Patients who have been diagnosed with retinopathy in eye clinics or screening programmes may want to know how this affects management of their condition. Should these elderly persons be referred for a diabetic work-up, which commonly happens, or for a cardiovascular work-up, or for both or neither? Interestingly, the Blue Mountains Eye Study [5] describes most retinopathy lesions as being transient, with only 3.5% of persons developing diabetes over 5 years. We will need longitudinal data to further understand the pathophysiology underlying retinopathy in non-diabetic patients and to provide an evidence basis for clinical management.

Study strengths and weaknesses

A strength of the AGES-R study is that the sample was drawn from a large, randomly selected, population-based cohort. We also used a recently recommended diagnosis criterion for diabetes mellitus, namely HbA1c ≥6.5% (≥48 mmol/mol), thus avoiding day-to-day variability of glucose values. HbA1c may be better at predicting the development of retinopathy [34], although this classification also has limitations [35]. This is a multidisciplinary study, providing detailed information on various physiological systems, including metabolic regulation and ophthalmic health. The diabetes cases in our sample included 83 individuals, i.e. 16.1% of the diabetes mellitus sample, who were first diagnosed at the baseline examination. All participants are survivors from the Reykjavik study, which took place in several stages over a 30 year period from 1967 to 1997, with testing for diabetes occurring at each examination, using the same fasting serum glucose cut-off (≥7 mmol/l) as was used in our additional analysis. Another strength of our study includes the use of digital photographic documentation of each fundus through dilated pupils, as well as the masked grading of retinopathy using standardised methods. Limitations of this study include the relatively few cases of diabetes mellitus and DR, resulting in reduced power to detect factors associated with increased risk of retinopathy.

Summary

This Icelandic population-based study reports that more than one in seven elderly persons has retinopathy. Although the prevalence of retinopathy among diabetic patients is 2.5 times higher than among non-diabetic persons, the actual number of individuals with retinopathy is more than threefold higher in the non-diabetic group. Retinopathy occurs in persons with HbA1c <6.5% (≥48 mmol/mol) and also in persons with normal levels of fasting serum glucose, and in these were significantly associated with microalbuminuria in the present study. Further study of the association between retinopathy and microalbuminuria is needed to provide insight into underlying systemic disease processes, which could help in the management of elderly patients to preserve vision and health, and to maintain quality of life in old age.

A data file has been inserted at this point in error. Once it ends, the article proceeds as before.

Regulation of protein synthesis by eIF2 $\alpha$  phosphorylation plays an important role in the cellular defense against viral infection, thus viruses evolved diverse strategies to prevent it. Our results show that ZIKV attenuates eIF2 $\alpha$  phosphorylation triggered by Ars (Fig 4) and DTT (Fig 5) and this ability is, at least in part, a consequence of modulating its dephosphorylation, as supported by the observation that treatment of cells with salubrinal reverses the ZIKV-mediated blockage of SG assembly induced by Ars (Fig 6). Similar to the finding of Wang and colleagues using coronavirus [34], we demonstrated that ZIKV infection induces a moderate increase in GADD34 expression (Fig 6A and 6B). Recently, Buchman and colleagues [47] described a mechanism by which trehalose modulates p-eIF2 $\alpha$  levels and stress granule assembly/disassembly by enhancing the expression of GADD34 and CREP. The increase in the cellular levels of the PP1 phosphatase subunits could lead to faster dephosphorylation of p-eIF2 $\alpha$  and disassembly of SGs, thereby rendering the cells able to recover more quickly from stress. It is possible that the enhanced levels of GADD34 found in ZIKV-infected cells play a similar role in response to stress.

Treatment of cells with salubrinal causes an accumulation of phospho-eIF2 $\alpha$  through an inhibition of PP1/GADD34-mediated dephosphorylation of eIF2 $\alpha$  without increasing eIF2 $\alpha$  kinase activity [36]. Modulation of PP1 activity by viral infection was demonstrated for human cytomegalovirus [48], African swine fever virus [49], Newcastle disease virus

Notes

Acknowledgements

We thank the AGES-R participants for making this study possible. The Age, Gene/Environment Susceptibility-Reykjavik Study is funded by NIH contract N01-AG-12100, the NIH/NIA Intramural Research Program, the National Eye Institute (NEI) of the NIH (ZIAEY000401), Hjartavernd (the Icelandic Heart Association), the Althingi (the Icelandic Parliament) and the University of Iceland Research Fund.

Contribution statement

EG contributed to the analysis, interpretation of results, and manuscript drafting and revision. SH and TA contributed to the interpretation of results, statistical analysis and revision of the draft manuscript. RK contributed to the analysis, interpretation of results and manuscript revision. GE contributed to data collection and management, analysis, and revision of the manuscript. BEK contributed to the analysis, interpretation of results and manuscript revision. TBH and LJL contributed to data acquisition and study design, results interpretation and revision of the draft manuscript. VG contributed to data acquisition and study design, the interpretation of results and manuscript revision. MFC contributed to study design and analysis, data collection and acquisition, the interpretation of results, and manuscript drafting and revision. FJ contributed to study design, analysis, interpretation of results, manuscript drafting and revision of the manuscript. All the authors approved the final version of the manuscript.

Duality of interest

The authors declare that there is no duality of interest associated with this manuscript.

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Copyright information

© Springer-Verlag 2011

Authors and Affiliations

  • E. Gunnlaugsdottir
    • 1
    • 2
  • S. Halldorsdottir
    • 3
  • R. Klein
    • 4
  • G. Eiriksdottir
    • 3
  • B. E. Klein
    • 4
  • R. Benediktsson
    • 2
    • 5
  • T. B. Harris
    • 6
  • L. J. Launer
    • 6
  • T. Aspelund
    • 2
    • 3
  • V. Gudnason
    • 2
    • 3
  • M. F. Cotch
    • 7
  • F. Jonasson
    • 1
    • 2
  1. 1.University Eye DepartmentLandspitalinnReykjavikIceland
  2. 2.Faculty of MedicineUniversity of IcelandReykjavikIceland
  3. 3.Icelandic Heart AssociationKopavogurIceland
  4. 4.Department of Ophthalmology and Visual SciencesUniversity of Wisconsin School of Medicine and Public HealthMadisonUSA
  5. 5.Department of Endocrinology and MetabolismLandspitali University HospitalReykjavikIceland
  6. 6.Laboratory of Epidemiology, Demography and Biometry, Intramural Research ProgramNational Institute of AgeingBethesdaUSA
  7. 7.Division of Epidemiology and Clinical ApplicationsBethesdaUSA